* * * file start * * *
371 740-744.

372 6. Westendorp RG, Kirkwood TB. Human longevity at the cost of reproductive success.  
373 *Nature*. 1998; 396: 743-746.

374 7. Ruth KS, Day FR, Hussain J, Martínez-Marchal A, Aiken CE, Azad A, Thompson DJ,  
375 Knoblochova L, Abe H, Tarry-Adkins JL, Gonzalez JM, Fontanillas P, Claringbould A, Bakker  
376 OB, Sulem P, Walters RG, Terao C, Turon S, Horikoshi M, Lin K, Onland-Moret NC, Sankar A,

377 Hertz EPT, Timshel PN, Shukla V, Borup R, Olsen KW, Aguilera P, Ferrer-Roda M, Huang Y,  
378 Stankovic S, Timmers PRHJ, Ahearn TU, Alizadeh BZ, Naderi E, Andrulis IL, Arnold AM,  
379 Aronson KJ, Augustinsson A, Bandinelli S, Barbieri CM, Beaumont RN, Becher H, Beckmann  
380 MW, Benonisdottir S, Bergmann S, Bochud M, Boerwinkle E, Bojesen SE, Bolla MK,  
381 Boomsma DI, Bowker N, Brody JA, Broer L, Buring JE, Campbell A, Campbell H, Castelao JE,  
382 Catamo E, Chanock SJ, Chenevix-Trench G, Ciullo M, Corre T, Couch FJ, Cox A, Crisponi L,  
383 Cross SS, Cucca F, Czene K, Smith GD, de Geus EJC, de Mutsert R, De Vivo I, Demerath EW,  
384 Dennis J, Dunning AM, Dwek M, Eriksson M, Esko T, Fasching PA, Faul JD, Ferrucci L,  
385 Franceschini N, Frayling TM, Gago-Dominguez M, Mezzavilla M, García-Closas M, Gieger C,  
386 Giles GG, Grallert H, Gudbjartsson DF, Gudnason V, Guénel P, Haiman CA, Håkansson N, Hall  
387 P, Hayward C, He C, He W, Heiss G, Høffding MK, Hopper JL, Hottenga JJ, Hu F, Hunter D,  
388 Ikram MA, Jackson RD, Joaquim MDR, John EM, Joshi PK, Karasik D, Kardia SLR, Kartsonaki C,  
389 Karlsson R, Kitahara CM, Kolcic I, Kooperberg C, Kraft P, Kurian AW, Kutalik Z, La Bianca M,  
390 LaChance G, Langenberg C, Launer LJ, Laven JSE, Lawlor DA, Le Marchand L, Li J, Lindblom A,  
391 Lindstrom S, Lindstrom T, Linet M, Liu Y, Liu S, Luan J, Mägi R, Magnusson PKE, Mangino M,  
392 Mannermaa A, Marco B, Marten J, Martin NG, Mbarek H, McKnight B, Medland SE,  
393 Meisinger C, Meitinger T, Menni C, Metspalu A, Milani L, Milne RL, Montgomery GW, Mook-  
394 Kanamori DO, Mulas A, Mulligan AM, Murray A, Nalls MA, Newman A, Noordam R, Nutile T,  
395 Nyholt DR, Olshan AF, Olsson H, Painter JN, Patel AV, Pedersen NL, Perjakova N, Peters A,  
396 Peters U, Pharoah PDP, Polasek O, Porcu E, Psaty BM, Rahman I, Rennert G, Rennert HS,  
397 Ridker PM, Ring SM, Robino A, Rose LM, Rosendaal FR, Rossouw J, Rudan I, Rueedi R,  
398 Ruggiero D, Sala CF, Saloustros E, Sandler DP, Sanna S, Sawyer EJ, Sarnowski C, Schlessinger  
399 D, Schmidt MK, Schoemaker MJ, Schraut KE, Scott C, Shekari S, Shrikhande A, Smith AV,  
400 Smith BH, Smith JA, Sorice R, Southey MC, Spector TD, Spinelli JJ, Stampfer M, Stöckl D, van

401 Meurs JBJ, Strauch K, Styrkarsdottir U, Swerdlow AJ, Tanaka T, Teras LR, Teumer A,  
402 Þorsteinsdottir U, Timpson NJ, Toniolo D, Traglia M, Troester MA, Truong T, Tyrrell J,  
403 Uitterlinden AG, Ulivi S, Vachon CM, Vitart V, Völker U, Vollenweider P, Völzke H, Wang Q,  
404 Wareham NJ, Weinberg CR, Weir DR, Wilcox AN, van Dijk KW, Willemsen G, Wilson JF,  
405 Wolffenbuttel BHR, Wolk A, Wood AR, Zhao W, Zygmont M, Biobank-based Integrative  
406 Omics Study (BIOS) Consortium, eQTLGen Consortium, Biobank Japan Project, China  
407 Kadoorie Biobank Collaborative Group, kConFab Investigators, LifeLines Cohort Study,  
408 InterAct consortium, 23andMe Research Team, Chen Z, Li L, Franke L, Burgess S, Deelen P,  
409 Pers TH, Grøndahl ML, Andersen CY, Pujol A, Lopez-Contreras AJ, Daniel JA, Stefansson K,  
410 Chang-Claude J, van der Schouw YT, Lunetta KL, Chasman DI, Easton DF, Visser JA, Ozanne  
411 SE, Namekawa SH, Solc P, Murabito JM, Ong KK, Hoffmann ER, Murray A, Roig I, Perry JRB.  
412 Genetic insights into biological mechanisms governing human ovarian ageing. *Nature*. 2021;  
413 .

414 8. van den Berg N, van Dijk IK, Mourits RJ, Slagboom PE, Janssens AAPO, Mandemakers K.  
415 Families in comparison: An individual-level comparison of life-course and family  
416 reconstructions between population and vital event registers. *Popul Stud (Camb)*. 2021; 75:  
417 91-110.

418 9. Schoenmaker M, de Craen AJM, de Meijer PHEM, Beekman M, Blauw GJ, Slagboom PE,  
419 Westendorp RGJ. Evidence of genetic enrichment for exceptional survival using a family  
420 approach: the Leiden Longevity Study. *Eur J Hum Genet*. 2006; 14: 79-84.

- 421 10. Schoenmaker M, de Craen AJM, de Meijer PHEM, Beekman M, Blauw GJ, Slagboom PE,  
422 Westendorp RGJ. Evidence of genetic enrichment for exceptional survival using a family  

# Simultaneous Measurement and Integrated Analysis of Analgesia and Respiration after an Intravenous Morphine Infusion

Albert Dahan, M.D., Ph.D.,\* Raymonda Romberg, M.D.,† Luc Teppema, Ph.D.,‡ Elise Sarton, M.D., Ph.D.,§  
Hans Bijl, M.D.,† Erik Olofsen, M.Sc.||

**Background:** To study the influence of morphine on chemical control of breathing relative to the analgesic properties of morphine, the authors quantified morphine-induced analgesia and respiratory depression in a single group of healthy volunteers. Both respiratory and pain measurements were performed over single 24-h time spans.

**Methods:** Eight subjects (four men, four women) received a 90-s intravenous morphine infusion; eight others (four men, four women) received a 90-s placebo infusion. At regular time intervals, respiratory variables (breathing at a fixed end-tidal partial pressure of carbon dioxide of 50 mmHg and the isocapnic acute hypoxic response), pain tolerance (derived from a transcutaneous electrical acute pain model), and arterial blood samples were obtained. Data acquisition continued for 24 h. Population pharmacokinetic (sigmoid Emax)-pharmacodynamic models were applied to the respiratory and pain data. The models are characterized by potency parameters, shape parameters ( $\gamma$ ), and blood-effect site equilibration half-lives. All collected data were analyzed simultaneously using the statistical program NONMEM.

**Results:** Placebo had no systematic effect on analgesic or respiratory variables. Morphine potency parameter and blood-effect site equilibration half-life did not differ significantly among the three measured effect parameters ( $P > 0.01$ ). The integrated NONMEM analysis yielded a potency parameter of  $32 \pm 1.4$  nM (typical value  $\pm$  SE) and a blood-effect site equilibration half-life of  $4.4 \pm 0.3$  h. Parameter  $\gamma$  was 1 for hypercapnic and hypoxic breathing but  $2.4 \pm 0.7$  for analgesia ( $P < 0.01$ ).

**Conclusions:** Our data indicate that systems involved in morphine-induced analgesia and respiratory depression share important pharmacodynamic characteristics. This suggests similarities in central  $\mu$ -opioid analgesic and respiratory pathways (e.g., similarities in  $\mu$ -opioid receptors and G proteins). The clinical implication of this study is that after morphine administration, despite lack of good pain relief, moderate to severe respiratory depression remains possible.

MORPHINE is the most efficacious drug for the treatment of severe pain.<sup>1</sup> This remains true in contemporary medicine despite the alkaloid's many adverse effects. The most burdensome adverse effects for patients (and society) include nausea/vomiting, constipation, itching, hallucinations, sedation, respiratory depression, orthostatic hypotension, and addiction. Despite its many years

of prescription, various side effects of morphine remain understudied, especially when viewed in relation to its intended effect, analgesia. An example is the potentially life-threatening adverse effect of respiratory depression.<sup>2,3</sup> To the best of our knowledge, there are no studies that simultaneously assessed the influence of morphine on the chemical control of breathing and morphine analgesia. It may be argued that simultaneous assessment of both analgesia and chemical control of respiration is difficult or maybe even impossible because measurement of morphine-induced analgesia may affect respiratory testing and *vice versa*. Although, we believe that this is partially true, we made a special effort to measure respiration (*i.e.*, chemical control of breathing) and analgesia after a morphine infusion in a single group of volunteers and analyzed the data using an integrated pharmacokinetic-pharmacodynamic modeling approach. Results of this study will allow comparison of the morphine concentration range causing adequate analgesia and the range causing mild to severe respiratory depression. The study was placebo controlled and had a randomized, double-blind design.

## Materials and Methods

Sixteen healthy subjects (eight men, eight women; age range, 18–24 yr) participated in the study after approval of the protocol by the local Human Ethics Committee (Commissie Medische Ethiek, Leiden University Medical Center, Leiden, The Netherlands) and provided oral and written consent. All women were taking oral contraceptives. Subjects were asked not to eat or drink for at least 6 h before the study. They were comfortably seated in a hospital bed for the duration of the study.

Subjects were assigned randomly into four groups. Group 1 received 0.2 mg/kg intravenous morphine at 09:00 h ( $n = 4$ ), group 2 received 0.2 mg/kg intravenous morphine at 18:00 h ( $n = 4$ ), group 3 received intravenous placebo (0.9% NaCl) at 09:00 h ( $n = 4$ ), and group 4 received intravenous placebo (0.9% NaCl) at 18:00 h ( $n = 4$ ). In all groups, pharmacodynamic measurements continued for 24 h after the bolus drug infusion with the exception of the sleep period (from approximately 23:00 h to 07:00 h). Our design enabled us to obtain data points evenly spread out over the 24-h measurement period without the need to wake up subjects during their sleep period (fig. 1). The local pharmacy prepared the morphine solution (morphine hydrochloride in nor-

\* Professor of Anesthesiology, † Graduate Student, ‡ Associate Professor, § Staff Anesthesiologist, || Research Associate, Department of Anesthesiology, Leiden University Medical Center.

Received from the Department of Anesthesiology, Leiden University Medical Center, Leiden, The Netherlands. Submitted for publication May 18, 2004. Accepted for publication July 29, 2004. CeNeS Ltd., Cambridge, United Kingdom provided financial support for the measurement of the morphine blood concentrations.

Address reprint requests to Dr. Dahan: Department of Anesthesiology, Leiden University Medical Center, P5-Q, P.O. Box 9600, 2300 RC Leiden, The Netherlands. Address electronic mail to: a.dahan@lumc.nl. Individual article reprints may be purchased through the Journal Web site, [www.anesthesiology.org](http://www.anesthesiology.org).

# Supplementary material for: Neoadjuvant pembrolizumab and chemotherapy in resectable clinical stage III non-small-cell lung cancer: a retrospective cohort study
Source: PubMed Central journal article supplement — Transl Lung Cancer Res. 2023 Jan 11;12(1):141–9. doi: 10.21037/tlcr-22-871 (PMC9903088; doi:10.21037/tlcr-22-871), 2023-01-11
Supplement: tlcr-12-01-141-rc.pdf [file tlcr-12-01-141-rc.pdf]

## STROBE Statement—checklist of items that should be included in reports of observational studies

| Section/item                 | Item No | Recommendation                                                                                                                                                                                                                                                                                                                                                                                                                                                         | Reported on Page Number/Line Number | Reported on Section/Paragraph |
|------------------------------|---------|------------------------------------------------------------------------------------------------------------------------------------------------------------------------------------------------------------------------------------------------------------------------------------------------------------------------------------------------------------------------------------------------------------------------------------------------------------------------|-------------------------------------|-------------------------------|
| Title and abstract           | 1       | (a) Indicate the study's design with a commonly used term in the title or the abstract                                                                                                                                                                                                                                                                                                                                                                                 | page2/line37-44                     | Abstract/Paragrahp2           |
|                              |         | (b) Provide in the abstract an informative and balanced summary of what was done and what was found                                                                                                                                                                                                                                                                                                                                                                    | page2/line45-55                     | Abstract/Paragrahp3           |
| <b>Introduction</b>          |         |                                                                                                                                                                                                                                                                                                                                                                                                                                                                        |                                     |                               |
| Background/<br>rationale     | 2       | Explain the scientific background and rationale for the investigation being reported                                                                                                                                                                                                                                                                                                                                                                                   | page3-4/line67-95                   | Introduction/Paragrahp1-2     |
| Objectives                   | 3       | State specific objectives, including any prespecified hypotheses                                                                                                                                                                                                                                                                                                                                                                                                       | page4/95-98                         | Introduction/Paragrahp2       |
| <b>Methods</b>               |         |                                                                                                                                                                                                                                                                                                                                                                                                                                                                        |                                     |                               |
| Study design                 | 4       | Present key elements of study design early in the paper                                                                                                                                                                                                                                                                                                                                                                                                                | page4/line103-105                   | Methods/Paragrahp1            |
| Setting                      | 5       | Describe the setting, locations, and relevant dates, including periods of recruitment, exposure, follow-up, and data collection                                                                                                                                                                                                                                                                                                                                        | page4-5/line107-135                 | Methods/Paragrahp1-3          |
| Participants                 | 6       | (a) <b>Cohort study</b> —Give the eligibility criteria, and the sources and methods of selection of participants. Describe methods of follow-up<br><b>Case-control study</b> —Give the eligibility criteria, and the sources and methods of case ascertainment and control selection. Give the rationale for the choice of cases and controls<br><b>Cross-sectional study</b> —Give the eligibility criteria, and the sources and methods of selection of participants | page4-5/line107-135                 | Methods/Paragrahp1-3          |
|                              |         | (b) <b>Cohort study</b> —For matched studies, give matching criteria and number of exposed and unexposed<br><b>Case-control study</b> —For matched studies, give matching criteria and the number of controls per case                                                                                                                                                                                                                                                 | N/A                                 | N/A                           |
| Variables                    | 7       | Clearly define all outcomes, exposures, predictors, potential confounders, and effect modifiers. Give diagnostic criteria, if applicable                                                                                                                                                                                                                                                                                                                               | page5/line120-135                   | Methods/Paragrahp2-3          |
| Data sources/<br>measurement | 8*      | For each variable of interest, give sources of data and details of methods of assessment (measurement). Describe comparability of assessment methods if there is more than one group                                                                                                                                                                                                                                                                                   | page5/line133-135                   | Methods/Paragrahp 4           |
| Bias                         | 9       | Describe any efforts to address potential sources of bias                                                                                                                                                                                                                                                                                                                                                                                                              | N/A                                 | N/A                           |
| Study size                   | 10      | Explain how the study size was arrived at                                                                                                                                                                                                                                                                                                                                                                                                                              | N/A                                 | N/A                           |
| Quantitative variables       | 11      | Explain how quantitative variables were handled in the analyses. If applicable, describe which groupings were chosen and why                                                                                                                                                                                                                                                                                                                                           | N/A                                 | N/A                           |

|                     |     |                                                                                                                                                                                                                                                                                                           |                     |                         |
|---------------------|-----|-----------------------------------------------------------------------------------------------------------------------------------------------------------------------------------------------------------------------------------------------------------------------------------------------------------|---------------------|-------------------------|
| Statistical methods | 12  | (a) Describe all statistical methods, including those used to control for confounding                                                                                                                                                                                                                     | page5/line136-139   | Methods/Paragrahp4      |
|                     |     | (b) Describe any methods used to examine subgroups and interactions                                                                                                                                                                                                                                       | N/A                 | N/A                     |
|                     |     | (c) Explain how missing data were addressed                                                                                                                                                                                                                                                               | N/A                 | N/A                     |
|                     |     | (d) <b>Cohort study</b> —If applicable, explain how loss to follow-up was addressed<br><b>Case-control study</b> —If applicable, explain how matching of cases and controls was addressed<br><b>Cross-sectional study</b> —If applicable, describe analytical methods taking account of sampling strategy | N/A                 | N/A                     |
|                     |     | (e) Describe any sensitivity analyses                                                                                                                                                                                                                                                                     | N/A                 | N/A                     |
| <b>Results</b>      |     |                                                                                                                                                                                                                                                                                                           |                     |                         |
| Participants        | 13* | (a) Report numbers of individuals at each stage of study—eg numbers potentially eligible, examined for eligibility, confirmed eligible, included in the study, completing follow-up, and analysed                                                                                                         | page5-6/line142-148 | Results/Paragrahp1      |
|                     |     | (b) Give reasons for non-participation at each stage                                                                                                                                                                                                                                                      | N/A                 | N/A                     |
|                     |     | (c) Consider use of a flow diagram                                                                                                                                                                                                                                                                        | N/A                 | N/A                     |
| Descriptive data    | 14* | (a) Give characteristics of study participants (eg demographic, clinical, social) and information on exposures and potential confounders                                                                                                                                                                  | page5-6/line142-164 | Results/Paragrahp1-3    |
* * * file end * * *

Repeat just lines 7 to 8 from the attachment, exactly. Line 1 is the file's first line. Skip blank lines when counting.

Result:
377 Hertz EPT, Timshel PN, Shukla V, Borup R, Olsen KW, Aguilera P, Ferrer-Roda M, Huang Y,  
378 Stankovic S, Timmers PRHJ, Ahearn TU, Alizadeh BZ, Naderi E, Andrulis IL, Arnold AM,  